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Online streaming services are this year’s biggest Emmy winners

Hulu is the biggest winner in this year’s Emmy Awards, beating other online streaming players like Netflix and Amazon.



Online streaming services

The 2017 Emmy Awards ushered in a new era in the entertainment industry. The rise of online streaming services is here as Netflix, Amazon Studios and Hulu all left their mark in world’s biggest stage.

Original productions from Netflix (NASDAQ:NFLX), Amazon Studios (NASDAQ:AMZN) and Hulu were nominated for a total of 125 nominations this year. Netflix owned 92 out of the 125 nominations for its shows such as “Stranger Things” and “The Crown.” The hit HBO series and traditional Emmy powerhouse “Game of Thrones” was absent in this year’s lineup due to its late release dates which missed the eligibility period.

With “Game of Thrones” out the picture, Netflix was expected to finally take home some of the major awards. However, it was Hulu which made their mark on the awarding night.

Hulu prevails

According to The Verge, Hulu’s “The Handmaid’s Tale” was able to win five awards. Hulu made history as the first streaming company to win the Emmy for Outstanding Drama Series. HBO’s “Little Big Lies” also won five trophies. Streaming companies winning Emmy awards is unheard of in Hollywood until 2013’s “House of Cards” debut. Netflix’s foray into original shows is a mere attempt at a serious contention.

For Hulu, its key to finally barging into respectability and legitimacy is “The Handmaid’s Tale” which was rated 99% on Rotten Tomatoes. Barely earning any nominations last year with only two, Hulu announced its arrival in a big way with 18 nominations, 13 of which came from “The Handmaid’s Tale.” It seems that Hulu has got a plan in toppling Netflix in its online streaming throne: quality versus quantity.

Included in Hulu’s lineup for release are the second season of “The Handmaid’s Tale,” Stephen King’s “Castle Rock” and Marvel’s “The Runaways.” CEO Mike Hopkins announced they are going to invest $2.5 billion in content this year. Despite the jump in investment on production content, Hulu remains in third place behind Amazon Prime Video’s $4.5 billion budget and Netflix’s $6 billion budget.

One of the reasons why Hulu remains in the backseat is because it is only offered in the U.S. while rivals Netflix and Amazon are offered globally. Other streaming services wanting to get a larger share of the pie are Sling TV, DirecTV Now, PlayStation Vue, YouTube TV, and FuboTV.

On the set of Handmaid's Tale.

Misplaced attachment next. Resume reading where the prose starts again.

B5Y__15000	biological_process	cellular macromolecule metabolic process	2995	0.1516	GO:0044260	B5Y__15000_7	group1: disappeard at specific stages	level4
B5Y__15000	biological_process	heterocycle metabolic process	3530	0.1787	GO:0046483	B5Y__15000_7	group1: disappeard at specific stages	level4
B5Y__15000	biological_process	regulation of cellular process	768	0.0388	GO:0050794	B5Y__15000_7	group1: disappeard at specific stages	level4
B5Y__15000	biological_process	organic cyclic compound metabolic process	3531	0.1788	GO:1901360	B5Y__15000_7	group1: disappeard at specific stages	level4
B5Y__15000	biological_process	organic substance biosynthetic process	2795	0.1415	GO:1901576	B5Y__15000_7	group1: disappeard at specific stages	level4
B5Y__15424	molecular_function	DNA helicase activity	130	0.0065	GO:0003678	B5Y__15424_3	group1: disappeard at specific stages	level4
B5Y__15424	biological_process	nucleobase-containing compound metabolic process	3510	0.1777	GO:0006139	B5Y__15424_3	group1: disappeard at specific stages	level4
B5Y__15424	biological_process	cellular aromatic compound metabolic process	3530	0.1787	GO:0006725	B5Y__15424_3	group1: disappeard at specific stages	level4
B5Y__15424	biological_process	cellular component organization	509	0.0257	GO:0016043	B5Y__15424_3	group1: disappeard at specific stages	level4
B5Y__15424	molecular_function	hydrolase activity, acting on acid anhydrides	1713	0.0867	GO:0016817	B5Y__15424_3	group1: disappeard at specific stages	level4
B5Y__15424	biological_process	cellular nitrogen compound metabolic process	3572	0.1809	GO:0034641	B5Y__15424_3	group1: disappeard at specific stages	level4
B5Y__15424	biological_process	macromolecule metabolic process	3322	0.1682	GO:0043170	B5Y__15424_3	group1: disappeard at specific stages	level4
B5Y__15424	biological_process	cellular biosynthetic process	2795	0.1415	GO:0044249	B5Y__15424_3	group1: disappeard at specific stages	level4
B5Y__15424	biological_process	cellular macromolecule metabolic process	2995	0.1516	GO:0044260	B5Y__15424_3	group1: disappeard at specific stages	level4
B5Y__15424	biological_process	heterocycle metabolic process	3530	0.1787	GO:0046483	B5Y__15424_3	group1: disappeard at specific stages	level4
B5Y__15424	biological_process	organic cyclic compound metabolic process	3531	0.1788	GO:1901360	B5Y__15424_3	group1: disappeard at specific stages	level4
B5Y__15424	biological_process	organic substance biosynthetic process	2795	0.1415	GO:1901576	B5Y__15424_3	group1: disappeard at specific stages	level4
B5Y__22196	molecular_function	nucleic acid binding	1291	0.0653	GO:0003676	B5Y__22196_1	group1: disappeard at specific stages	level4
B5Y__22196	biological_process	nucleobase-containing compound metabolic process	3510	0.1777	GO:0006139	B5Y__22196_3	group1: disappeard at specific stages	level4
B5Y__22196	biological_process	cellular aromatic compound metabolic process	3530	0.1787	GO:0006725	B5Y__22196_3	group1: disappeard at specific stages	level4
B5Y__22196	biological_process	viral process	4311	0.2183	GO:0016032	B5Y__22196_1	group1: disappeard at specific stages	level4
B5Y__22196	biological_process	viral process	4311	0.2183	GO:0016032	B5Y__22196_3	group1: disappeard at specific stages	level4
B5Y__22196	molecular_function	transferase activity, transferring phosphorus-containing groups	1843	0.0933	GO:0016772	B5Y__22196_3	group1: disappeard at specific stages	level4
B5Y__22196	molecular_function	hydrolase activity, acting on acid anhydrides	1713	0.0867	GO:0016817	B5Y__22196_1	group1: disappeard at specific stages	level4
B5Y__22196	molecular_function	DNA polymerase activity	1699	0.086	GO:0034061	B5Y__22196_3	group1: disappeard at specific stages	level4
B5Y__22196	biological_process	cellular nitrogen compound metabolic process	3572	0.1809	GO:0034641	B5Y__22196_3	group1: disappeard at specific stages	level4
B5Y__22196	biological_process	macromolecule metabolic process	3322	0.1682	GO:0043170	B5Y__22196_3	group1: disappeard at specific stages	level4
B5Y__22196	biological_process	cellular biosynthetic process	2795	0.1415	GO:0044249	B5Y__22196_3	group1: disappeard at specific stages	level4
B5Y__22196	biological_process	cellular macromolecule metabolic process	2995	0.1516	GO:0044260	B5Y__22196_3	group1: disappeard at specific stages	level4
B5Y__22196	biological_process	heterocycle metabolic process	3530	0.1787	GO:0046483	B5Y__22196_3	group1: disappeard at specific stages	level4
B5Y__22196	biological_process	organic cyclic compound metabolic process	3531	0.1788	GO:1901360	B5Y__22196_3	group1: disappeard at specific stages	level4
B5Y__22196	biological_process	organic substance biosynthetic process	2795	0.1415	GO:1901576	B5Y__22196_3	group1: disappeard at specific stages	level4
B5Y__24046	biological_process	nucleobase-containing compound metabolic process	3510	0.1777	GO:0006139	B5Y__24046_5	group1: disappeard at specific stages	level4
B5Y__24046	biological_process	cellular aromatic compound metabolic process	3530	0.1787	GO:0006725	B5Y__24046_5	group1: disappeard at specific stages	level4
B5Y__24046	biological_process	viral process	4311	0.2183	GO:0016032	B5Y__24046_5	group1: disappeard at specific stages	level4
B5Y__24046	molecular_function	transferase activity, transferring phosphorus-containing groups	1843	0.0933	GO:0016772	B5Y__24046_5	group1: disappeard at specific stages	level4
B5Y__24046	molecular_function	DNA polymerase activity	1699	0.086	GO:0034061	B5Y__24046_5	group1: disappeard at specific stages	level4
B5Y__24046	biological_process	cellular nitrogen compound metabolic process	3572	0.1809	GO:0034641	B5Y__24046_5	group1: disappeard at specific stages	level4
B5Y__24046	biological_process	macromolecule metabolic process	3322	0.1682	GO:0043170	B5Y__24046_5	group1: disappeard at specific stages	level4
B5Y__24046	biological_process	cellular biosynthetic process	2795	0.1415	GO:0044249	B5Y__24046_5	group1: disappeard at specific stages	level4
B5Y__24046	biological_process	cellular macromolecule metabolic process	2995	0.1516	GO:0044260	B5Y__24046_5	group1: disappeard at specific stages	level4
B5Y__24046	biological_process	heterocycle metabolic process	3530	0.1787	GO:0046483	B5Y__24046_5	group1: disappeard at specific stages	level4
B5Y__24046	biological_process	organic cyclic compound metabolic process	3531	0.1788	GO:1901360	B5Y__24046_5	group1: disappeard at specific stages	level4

Hulu won big in this year’s Emmy Awards due to its runaway hit show Handmaid’s Tale. (Featured image by Daniel X. O’Neil via FlickrCC BY 2.0)

Online streaming services market

Hulu is trying to widen its net by partnering with Spotify to offer a deal targeting students. They will now only pay $4.99 for a monthly subscription for both services. Still, it must be noted that despite the small gains Amazon and Hulu are making, when it comes to streaming services, Netflix remains the undisputed champion.

Netflix owns 40% of the share of total over-the-top viewing hours compared to Youtube’s 18%. Hulu is a distant third with 14%. The study included 12,500 homes and over 150,000 devices in June. Meanwhile, it remains to be seen how long can Netflix maintain its advantage over competitors as Twitter and Facebook announced they are going to offer live streaming of events as well.

On the other hand, the slump in ratings continues this year for Emmy Awards. Last year, the Emmy’s recorded its lowest viewership in history. This year, it had 11.38 million viewers which were easily eclipsed by football games aired during its telecast. NFL overrun on FOX reached 18.86 million viewers while “Sunday Night Football” on NBC recorded 18.46 million viewers.

(Featured image by Digital journal via Wikimedia Commons. CC BY-SA 4.0)

Anthony Donaghue writes about science and technology. Keeping abreast of the latest tech developments in various sectors, he has a keen interest on startups, especially inside and outside of Silicon Valley. From time to time, he also covers agritech and biotech, as well as consumer electronics, IT, AI, and fintech, among others. He has also written about IPOs, cannabis, and investing.